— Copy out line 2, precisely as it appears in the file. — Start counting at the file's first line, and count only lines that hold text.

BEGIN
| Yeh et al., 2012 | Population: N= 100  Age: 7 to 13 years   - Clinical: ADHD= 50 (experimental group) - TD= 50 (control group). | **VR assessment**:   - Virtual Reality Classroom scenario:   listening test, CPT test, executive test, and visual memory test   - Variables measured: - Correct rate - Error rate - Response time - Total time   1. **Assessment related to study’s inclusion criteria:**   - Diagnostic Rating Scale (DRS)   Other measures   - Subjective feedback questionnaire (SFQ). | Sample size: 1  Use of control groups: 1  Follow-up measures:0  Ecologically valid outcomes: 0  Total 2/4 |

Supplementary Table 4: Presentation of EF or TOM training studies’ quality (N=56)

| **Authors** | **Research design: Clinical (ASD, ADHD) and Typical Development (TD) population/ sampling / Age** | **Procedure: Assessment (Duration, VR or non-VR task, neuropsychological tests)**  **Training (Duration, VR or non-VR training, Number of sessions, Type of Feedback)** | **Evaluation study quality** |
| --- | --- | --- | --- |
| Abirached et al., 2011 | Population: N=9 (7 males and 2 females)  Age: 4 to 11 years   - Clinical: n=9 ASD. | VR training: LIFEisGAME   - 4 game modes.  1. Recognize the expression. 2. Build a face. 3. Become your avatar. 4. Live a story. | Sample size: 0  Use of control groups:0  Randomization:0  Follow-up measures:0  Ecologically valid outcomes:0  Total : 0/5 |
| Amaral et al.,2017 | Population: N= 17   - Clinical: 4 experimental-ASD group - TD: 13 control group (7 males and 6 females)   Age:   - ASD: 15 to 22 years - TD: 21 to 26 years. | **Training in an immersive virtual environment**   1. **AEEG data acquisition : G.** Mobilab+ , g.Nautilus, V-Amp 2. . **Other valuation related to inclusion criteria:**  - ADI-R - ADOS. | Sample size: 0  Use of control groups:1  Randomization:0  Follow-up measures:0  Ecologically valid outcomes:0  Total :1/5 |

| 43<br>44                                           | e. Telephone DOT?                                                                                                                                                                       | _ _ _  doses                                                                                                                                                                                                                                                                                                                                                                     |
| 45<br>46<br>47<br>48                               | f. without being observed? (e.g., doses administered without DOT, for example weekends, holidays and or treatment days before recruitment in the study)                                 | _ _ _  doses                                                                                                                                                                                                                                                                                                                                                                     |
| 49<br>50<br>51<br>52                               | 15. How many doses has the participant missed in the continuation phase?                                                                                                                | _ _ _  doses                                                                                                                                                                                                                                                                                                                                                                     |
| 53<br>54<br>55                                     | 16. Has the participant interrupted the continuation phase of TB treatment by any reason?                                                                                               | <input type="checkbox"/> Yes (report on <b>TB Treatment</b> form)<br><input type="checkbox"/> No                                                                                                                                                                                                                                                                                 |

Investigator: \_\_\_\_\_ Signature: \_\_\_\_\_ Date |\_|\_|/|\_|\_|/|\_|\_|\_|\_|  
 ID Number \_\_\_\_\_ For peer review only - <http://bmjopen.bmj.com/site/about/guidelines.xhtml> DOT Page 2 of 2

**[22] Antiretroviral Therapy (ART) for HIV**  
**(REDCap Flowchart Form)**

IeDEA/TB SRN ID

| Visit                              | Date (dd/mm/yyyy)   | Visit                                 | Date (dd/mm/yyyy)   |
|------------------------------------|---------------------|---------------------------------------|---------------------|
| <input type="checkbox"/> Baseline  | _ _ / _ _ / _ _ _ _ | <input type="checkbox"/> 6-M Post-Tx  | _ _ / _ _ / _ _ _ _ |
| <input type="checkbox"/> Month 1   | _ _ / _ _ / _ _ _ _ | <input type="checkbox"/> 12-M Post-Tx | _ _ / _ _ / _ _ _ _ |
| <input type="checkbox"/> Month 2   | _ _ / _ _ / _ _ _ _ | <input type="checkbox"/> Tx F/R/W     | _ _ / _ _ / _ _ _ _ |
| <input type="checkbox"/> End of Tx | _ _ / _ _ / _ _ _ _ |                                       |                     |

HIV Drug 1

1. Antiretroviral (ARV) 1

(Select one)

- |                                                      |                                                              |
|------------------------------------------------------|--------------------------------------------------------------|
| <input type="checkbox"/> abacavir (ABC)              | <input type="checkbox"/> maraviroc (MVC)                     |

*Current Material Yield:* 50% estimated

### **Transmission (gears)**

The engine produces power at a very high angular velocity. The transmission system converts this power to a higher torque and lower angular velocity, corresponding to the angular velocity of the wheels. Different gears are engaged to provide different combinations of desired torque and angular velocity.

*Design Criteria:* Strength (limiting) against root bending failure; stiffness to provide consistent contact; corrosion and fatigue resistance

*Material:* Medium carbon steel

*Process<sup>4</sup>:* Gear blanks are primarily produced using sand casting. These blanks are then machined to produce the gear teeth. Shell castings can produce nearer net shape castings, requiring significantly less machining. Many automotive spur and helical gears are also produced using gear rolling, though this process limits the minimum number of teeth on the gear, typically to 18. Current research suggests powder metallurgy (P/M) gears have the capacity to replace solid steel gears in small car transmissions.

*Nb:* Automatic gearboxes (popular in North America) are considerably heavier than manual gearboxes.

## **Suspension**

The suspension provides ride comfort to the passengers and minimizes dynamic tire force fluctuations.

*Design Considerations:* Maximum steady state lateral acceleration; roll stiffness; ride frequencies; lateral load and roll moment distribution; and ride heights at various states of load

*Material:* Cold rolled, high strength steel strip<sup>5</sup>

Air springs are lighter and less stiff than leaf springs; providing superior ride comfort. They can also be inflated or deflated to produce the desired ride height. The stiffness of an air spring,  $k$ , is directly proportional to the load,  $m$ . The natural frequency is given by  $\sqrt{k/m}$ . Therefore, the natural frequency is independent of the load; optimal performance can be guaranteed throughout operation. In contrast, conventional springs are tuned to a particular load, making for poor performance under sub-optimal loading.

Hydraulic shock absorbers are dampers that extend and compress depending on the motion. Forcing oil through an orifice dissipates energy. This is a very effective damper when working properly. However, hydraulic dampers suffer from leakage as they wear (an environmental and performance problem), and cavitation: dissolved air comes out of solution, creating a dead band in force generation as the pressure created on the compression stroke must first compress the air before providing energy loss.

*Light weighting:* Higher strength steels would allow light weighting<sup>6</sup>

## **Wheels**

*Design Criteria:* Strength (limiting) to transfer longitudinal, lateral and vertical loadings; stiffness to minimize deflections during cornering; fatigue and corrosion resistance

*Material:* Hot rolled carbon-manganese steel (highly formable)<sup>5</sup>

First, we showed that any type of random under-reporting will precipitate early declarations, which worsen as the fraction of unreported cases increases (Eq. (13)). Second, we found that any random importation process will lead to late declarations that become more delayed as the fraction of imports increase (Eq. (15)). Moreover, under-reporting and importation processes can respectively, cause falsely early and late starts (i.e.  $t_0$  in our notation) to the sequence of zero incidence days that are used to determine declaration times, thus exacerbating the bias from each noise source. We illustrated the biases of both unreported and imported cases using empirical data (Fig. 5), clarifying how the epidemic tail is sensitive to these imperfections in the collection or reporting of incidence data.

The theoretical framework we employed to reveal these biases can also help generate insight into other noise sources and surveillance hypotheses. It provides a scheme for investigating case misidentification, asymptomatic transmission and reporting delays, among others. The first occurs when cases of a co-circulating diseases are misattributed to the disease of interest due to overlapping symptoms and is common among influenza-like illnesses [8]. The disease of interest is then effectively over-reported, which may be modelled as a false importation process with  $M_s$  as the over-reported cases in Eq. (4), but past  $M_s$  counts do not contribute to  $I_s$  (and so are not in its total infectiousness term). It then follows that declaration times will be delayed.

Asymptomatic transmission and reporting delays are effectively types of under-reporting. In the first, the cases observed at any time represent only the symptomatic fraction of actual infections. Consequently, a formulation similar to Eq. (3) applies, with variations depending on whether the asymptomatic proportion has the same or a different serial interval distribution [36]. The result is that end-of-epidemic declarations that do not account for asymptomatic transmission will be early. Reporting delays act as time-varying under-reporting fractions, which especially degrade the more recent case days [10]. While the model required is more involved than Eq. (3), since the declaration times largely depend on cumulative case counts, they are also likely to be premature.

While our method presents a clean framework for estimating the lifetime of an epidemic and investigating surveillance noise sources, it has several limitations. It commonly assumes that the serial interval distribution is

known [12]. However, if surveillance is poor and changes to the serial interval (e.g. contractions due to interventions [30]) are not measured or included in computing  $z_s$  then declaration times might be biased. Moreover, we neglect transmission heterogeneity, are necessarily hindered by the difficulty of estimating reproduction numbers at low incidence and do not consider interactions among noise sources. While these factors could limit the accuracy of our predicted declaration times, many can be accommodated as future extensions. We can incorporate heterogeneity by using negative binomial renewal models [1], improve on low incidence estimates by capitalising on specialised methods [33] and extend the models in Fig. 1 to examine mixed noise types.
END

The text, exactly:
Supplementary Table 4: Presentation of EF or TOM training studies’ quality (N=56)